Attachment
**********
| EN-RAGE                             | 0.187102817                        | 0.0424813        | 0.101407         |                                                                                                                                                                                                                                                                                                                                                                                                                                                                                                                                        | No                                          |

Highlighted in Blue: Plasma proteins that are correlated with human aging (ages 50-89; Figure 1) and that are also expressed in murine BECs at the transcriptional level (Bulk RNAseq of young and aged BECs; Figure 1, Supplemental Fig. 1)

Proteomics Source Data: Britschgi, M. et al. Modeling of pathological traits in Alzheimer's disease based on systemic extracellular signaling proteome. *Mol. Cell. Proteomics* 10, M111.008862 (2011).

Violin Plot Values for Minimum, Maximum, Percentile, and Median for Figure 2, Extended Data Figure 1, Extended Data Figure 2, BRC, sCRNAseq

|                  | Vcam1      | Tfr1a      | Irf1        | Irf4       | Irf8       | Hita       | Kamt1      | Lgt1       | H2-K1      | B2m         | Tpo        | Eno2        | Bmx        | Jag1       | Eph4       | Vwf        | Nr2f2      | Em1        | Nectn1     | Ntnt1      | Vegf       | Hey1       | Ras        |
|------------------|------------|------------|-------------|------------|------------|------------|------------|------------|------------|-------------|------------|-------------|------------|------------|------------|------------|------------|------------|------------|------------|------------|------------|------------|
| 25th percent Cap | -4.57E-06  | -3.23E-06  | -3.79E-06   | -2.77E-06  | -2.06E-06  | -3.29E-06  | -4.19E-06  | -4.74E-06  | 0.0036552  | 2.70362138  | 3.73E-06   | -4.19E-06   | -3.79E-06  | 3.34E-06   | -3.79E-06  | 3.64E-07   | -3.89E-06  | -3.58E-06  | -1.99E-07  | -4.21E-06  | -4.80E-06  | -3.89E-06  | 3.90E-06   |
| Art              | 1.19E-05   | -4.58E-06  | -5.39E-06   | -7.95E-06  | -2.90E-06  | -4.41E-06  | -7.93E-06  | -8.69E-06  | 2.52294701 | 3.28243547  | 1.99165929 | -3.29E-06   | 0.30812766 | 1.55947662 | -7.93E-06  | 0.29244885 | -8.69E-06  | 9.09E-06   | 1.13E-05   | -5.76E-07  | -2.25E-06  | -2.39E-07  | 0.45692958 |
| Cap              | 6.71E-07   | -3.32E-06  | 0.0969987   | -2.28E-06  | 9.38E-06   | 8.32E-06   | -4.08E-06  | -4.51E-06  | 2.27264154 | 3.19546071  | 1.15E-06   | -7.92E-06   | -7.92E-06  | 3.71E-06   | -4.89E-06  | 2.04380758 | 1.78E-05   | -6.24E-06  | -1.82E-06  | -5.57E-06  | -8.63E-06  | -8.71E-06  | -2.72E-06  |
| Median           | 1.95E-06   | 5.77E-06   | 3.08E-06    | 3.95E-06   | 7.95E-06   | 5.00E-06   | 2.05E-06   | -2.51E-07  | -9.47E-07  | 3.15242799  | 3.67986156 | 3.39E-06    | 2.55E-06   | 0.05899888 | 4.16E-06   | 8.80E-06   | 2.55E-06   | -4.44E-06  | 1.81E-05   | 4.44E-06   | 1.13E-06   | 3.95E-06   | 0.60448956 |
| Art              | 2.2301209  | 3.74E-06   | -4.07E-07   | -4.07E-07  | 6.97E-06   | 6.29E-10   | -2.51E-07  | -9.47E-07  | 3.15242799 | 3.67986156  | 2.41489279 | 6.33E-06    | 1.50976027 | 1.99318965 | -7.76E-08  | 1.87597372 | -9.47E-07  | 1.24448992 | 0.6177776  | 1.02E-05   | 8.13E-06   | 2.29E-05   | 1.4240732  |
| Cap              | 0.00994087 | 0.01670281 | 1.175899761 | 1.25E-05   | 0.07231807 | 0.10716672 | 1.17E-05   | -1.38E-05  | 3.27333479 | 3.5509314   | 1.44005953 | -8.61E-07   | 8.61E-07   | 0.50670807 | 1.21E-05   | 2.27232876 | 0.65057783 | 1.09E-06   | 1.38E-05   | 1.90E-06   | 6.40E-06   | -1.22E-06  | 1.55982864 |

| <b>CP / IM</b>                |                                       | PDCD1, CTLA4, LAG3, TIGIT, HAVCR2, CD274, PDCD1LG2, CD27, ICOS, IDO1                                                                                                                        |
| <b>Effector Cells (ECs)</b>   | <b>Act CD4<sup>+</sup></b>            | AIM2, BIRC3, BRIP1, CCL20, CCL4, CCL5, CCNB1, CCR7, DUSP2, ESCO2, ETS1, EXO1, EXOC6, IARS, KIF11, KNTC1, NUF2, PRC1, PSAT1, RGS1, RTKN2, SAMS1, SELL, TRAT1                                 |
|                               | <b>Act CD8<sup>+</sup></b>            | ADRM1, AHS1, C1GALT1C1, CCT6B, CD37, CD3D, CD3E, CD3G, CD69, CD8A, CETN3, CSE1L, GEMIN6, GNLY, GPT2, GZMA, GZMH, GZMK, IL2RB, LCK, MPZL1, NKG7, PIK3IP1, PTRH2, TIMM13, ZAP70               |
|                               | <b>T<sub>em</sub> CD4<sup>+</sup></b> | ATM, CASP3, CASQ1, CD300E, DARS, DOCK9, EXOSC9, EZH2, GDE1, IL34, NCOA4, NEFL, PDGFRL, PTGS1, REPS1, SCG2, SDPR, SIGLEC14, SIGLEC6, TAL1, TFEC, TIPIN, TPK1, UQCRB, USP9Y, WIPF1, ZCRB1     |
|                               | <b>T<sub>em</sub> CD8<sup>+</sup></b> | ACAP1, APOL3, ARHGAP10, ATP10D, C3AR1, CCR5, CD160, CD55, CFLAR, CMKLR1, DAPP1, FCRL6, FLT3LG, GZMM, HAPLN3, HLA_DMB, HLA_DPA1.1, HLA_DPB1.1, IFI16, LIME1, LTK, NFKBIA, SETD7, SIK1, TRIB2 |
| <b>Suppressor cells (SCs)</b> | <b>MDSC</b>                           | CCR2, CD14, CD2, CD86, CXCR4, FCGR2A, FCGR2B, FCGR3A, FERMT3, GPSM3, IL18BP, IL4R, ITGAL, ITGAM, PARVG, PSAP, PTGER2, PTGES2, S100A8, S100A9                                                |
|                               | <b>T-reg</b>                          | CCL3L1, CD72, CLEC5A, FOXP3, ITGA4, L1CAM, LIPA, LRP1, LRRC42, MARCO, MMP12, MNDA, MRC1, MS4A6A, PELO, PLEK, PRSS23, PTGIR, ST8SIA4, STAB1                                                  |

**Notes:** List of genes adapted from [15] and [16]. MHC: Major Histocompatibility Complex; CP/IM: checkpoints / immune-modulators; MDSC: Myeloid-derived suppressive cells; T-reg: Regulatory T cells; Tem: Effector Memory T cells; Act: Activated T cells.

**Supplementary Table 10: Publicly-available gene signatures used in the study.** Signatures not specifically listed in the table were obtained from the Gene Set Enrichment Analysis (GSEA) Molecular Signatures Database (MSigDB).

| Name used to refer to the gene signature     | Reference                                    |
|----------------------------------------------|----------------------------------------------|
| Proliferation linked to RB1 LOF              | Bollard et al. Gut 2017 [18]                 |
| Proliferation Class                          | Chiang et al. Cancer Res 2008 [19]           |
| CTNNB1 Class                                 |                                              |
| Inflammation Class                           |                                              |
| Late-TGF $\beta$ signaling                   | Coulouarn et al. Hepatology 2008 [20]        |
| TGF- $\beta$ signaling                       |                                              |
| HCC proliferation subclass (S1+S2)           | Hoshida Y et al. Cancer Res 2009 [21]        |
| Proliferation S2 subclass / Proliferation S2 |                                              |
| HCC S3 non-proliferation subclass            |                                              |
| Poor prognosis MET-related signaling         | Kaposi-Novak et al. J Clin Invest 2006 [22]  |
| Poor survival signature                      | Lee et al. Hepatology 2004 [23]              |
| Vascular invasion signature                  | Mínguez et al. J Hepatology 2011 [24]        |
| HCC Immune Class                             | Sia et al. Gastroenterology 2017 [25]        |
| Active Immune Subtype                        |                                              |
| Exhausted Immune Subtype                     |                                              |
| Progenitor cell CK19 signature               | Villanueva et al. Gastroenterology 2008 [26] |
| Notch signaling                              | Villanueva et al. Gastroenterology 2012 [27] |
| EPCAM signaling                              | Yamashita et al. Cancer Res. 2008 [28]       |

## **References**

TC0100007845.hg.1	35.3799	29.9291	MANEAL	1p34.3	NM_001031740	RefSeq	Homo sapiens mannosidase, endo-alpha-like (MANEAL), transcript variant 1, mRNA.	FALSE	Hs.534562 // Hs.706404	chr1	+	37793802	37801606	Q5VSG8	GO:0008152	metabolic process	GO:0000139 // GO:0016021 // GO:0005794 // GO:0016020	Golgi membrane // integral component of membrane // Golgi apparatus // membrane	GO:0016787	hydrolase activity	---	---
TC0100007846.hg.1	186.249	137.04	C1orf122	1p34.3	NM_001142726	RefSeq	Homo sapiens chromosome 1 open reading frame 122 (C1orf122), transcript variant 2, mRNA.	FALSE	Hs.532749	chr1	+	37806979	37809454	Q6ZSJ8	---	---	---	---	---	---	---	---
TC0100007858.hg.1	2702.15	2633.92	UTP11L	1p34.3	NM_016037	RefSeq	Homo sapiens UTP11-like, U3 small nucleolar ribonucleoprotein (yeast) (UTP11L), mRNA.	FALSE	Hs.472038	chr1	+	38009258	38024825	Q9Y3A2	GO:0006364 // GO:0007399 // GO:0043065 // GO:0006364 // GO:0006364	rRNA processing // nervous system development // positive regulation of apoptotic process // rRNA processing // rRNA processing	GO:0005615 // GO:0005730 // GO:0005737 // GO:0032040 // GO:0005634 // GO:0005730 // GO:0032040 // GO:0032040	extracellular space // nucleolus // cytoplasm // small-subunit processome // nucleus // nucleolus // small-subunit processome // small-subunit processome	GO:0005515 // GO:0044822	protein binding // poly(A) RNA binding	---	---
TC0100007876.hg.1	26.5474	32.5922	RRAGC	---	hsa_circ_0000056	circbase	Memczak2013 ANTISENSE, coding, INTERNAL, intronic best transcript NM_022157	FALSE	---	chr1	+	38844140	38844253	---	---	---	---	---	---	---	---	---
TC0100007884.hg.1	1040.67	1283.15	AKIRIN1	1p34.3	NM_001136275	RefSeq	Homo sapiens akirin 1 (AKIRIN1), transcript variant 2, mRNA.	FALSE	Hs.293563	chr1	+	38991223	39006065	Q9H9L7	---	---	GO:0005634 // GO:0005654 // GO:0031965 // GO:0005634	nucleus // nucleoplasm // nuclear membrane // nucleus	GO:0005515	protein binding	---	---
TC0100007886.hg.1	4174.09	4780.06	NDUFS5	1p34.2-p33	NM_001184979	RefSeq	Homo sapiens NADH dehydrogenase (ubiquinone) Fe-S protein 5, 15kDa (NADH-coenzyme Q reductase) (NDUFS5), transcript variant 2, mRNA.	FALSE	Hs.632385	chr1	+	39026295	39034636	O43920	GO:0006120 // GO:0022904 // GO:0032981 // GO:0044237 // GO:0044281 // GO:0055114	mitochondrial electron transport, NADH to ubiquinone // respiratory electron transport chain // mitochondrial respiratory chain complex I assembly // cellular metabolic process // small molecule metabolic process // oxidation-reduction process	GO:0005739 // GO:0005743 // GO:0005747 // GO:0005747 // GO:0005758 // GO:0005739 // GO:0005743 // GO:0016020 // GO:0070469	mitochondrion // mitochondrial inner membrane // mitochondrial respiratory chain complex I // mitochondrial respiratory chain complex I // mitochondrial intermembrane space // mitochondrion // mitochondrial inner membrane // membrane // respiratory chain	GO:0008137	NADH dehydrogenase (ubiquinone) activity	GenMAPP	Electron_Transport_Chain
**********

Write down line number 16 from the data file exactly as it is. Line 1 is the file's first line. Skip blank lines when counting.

|                               | <b>T<sub>em</sub> CD4<sup>+</sup></b> | ATM, CASP3, CASQ1, CD300E, DARS, DOCK9, EXOSC9, EZH2, GDE1, IL34, NCOA4, NEFL, PDGFRL, PTGS1, REPS1, SCG2, SDPR, SIGLEC14, SIGLEC6, TAL1, TFEC, TIPIN, TPK1, UQCRB, USP9Y, WIPF1, ZCRB1     |